Drinking enough water to be thoroughly hydrated is key, and it will help with all the other potential problems. 2 to 3 litres a day is a must.
Perhaps a more concerning factor is that which affects people who have impaired glycemic control, especially Type II diabetics.
A study involving people with Type 2 Diabetes investigated this very issue.
The subjects fasted until midday – i.e. they missed breakfast – and only ate lunch and dinner. The scientists found that this fasting window actually increased postprandial hyperglycemia and impaired insulin response following the subjects’ lunch and dinner.
Basically, their blood sugar spiked more aggressively and their insulin responded with even less sensitivity than it does anyway.
Upshot: If you’re hyperglycemic, Type 2 or have any other form of metabolic syndrome, intermittent fasting is probably not for you.
The same can be said for pregnant women, teenagers and children under 18 and anyone who has or has had any form of eating disorder.
The 2018 Study Comparing IF with Continuous Dieting
Effect of intermittent versus continuous energy restriction on weight loss, maintenance and cardiometabolic risk: A randomized 1-year trial. Sundfor TM; Svendsen M; Tonstad S. July 2018
This investigation involved over a hundred people, half men and half women between 21 and 70 years old.
They all had abdominal obesity and at least 1 additional component of metabolic syndrome.
The first 6 months was a weight loss phase and the second 6 months was a maintenance phase. The subjects were split into two groups randomly (equal on gender) and assigned either the IF protocol or the regular diet.
Both groups reduced calorie intake by 26-28% in the first 6 months.
Both groups lost roughly the same weight – 8 to 9 kg – and there were improvements in waist circumference, blood pressure, triglyceride levels, HDL cholesterol in both groups.
Any weight that was regained during the maintenance phase was small and similar between groups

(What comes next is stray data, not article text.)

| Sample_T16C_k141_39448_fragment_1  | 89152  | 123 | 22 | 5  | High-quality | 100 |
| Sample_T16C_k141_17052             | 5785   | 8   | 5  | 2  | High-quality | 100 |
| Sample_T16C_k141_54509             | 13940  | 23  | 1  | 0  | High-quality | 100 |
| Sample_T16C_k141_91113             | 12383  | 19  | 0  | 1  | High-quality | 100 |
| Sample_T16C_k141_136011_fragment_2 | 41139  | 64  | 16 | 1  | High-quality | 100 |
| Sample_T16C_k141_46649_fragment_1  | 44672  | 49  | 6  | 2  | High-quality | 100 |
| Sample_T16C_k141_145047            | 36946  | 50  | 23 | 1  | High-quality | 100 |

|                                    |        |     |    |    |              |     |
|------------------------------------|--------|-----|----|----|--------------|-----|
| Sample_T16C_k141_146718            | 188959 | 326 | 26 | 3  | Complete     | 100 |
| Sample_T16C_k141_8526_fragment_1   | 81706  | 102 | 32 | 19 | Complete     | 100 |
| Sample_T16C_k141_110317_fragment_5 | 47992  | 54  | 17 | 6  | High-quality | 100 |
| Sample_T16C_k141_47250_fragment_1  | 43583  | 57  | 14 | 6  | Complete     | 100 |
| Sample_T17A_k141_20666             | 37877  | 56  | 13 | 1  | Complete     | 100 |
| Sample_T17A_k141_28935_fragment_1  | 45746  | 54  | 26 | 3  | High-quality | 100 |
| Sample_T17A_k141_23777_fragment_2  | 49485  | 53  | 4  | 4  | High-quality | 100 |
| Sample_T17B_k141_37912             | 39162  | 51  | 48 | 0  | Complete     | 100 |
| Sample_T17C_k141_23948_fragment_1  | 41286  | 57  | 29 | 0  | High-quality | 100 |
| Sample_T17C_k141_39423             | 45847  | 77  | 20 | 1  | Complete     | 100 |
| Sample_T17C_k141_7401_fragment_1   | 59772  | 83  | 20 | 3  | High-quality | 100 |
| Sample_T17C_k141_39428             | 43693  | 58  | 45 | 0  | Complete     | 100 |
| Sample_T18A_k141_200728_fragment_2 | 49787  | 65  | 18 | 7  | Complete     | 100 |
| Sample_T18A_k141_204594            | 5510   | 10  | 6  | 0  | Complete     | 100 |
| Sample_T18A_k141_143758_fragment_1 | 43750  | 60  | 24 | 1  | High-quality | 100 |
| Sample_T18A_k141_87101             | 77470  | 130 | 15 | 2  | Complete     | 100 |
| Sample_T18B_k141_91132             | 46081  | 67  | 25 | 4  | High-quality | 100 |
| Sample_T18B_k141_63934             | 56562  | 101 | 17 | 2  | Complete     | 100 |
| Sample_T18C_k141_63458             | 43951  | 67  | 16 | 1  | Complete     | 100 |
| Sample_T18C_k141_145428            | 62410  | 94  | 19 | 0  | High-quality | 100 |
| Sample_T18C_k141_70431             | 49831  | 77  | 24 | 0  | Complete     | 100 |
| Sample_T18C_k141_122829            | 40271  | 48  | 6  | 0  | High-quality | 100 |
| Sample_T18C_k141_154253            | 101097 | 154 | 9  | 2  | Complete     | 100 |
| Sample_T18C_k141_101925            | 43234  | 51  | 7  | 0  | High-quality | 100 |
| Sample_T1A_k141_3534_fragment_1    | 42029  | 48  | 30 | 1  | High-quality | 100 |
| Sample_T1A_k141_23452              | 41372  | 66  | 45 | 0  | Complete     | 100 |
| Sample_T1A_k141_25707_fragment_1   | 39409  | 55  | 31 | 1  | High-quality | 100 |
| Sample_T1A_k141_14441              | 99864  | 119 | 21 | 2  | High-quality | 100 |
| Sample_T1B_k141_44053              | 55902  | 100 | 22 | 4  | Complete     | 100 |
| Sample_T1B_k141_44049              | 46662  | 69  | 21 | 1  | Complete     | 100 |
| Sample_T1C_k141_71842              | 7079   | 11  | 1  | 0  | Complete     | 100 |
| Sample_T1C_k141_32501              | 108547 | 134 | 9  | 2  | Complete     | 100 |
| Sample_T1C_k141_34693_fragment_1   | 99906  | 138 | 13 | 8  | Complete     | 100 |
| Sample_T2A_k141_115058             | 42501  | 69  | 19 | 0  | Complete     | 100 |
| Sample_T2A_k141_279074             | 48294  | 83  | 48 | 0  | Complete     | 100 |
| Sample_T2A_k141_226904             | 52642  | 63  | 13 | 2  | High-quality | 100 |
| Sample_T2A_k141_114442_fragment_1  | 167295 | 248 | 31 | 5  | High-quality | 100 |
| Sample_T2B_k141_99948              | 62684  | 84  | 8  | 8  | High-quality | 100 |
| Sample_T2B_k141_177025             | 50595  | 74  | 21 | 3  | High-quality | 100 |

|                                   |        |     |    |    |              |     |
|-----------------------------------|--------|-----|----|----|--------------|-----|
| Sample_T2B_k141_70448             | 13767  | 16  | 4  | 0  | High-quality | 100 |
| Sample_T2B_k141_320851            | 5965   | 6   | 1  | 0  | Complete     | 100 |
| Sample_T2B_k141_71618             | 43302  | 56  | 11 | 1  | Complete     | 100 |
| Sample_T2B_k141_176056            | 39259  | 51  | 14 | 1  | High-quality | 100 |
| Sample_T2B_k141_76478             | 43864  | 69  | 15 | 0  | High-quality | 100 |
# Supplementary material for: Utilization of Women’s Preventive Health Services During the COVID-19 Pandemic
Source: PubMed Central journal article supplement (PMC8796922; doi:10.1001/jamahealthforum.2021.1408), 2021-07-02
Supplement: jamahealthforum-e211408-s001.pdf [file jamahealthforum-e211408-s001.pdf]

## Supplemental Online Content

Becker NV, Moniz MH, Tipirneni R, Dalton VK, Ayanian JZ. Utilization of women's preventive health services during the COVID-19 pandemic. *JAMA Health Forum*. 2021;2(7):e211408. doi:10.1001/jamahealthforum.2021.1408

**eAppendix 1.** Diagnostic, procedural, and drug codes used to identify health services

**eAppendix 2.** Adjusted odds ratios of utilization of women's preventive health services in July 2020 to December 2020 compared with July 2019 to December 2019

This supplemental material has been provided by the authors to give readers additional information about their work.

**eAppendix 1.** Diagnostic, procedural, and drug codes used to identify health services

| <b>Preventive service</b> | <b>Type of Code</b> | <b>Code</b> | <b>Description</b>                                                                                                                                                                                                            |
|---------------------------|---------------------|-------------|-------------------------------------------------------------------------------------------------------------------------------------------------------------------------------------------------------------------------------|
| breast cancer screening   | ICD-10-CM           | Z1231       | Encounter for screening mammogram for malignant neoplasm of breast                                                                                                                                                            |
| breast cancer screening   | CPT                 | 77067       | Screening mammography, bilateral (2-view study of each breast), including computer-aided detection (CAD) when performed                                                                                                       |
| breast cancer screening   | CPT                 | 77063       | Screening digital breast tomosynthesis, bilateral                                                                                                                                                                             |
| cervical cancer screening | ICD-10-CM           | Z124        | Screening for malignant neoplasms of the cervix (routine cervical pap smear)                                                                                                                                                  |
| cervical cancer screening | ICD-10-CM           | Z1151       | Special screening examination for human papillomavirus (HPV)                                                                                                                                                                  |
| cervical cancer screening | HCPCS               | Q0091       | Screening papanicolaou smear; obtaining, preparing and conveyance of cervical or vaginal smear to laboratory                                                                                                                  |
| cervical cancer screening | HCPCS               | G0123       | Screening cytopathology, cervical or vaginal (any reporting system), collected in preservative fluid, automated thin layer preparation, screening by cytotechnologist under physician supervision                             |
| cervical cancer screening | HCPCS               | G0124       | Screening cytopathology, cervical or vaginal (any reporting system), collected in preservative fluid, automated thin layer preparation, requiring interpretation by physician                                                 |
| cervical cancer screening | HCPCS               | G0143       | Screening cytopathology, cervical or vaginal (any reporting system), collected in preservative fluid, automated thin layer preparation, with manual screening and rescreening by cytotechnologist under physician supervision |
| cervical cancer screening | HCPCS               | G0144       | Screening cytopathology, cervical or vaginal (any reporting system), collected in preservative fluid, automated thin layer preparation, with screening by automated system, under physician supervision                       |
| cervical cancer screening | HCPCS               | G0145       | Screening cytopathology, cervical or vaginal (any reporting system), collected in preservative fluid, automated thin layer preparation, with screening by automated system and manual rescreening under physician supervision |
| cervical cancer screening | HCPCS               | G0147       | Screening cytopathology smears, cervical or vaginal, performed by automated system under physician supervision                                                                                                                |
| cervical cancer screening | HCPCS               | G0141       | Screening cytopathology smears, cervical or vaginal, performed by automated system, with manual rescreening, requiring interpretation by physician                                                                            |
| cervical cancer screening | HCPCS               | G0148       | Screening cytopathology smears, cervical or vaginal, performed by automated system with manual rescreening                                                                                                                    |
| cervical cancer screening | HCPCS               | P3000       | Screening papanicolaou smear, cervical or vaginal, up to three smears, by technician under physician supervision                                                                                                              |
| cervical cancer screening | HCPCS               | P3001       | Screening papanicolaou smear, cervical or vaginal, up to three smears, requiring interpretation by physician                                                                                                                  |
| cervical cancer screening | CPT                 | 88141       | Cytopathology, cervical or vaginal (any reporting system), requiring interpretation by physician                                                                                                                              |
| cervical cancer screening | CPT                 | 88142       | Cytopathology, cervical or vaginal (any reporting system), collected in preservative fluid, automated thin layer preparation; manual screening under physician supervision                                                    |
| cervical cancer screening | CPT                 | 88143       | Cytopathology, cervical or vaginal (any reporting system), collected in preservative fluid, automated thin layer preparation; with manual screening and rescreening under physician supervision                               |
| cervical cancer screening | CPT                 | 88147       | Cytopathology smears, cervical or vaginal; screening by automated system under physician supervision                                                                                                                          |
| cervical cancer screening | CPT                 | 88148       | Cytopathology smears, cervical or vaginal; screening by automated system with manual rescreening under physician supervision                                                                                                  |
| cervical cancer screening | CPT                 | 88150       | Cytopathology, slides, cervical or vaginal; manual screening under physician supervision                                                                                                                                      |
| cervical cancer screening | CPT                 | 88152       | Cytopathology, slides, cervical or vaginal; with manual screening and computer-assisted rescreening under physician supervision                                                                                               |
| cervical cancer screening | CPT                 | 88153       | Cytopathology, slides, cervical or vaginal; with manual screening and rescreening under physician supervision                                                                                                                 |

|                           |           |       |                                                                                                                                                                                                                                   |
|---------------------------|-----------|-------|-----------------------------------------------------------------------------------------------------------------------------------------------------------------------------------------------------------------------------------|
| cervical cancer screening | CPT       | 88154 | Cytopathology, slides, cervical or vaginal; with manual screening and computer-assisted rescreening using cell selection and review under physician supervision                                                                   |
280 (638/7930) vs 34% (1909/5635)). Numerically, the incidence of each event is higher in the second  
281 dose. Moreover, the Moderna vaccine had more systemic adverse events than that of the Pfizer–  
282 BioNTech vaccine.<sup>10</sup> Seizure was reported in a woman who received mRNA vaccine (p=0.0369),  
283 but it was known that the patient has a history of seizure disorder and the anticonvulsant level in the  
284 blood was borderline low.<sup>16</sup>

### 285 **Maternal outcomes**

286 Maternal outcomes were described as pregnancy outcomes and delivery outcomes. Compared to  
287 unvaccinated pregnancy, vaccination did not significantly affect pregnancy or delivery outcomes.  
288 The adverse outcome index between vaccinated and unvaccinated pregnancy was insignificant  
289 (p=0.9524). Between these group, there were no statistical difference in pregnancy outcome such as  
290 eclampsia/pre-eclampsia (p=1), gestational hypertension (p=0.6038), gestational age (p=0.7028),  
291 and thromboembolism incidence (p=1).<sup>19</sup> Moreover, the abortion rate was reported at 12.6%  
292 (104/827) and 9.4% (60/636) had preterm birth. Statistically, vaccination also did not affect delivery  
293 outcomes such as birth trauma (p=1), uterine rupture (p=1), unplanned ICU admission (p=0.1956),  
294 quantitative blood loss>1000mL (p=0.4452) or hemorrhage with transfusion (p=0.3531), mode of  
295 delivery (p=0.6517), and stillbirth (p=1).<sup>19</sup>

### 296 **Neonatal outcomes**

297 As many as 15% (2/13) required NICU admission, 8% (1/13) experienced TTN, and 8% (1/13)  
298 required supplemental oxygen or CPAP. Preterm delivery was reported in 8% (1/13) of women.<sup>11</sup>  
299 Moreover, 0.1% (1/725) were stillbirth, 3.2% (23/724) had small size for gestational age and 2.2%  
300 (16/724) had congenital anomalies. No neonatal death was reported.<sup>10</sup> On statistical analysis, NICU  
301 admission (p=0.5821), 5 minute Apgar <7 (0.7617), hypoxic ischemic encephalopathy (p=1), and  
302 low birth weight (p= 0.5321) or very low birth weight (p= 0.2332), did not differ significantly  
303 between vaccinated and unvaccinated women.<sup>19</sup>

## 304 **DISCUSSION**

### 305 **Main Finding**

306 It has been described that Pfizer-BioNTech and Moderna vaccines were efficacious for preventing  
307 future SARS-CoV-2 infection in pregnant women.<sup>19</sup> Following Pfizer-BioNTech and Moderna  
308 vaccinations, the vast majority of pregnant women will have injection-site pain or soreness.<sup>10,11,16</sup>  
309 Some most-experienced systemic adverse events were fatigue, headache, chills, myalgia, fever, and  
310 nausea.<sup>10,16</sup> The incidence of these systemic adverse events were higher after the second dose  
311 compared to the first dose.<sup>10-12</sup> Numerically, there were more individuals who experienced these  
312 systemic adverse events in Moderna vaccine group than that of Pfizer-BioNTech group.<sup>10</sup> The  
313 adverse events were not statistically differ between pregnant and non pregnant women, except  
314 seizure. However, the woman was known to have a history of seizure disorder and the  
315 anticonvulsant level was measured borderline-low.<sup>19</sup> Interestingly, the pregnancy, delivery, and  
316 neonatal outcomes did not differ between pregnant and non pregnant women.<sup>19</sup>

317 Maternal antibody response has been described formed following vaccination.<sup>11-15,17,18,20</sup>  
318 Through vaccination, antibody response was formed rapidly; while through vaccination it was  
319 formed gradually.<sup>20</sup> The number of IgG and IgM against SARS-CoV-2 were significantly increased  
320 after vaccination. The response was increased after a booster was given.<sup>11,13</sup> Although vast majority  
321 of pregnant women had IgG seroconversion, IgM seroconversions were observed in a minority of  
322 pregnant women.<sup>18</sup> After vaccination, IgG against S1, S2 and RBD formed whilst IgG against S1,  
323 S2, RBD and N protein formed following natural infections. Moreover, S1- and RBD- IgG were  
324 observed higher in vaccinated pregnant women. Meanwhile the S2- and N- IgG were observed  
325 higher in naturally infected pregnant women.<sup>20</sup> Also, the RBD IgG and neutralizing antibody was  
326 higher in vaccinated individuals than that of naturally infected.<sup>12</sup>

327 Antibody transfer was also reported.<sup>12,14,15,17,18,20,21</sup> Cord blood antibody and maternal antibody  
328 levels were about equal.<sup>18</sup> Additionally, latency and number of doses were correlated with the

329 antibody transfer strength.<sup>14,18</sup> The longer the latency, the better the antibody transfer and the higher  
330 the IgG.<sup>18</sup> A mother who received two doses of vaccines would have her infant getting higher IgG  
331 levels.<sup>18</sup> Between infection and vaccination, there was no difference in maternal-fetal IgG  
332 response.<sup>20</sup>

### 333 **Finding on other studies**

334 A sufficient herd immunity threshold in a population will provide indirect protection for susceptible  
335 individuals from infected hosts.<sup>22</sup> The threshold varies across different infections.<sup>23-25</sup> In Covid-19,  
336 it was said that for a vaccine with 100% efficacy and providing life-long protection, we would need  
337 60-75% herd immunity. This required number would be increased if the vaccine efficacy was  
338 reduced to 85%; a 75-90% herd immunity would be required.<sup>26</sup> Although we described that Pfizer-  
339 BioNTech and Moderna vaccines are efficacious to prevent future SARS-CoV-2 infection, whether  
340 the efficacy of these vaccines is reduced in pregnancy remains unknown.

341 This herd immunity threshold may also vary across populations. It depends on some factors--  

The IF group reported higher hunger levels during the study.
Study Conclusion: “Both intermittent and continuous energy restriction resulted in similar weight loss, maintenance and improvements in cardiovascular risk factors after one year. However, feelings of hunger may be more pronounced during intermittent energy restriction.”
There’s quite a few strengths of this study:
- It was a year long, which is quite outstanding for a study like this.
- Women and Men were evenly represented
- There were over 100 human subjects
- Monitoring and counselling was regular
- Both groups adhered to the calorie deficit within a tight margin (~26-28% reduction)
- Weight loss was similar, bolstering the calorie deficit data
- Real-world applicability was solid: the scientists found obese individuals with at least 1 component of metabolic syndrome, i.e. the ideal candidates for calorie restricted diets
- Many health aspects were measured including those that IF is often touted for improving in some special way
This study is a whopper, if I’m being honest.
Besides being long, having loads of subjects and representing genders evenly, it looked at the health markers as well as weight loss.
I’m sure the hardcore IF crowd would have some response to the study design/interpretation/measurement protocol or whatever (they always do), but if you’re a reasonable person, you’ll be able to see the value of this study.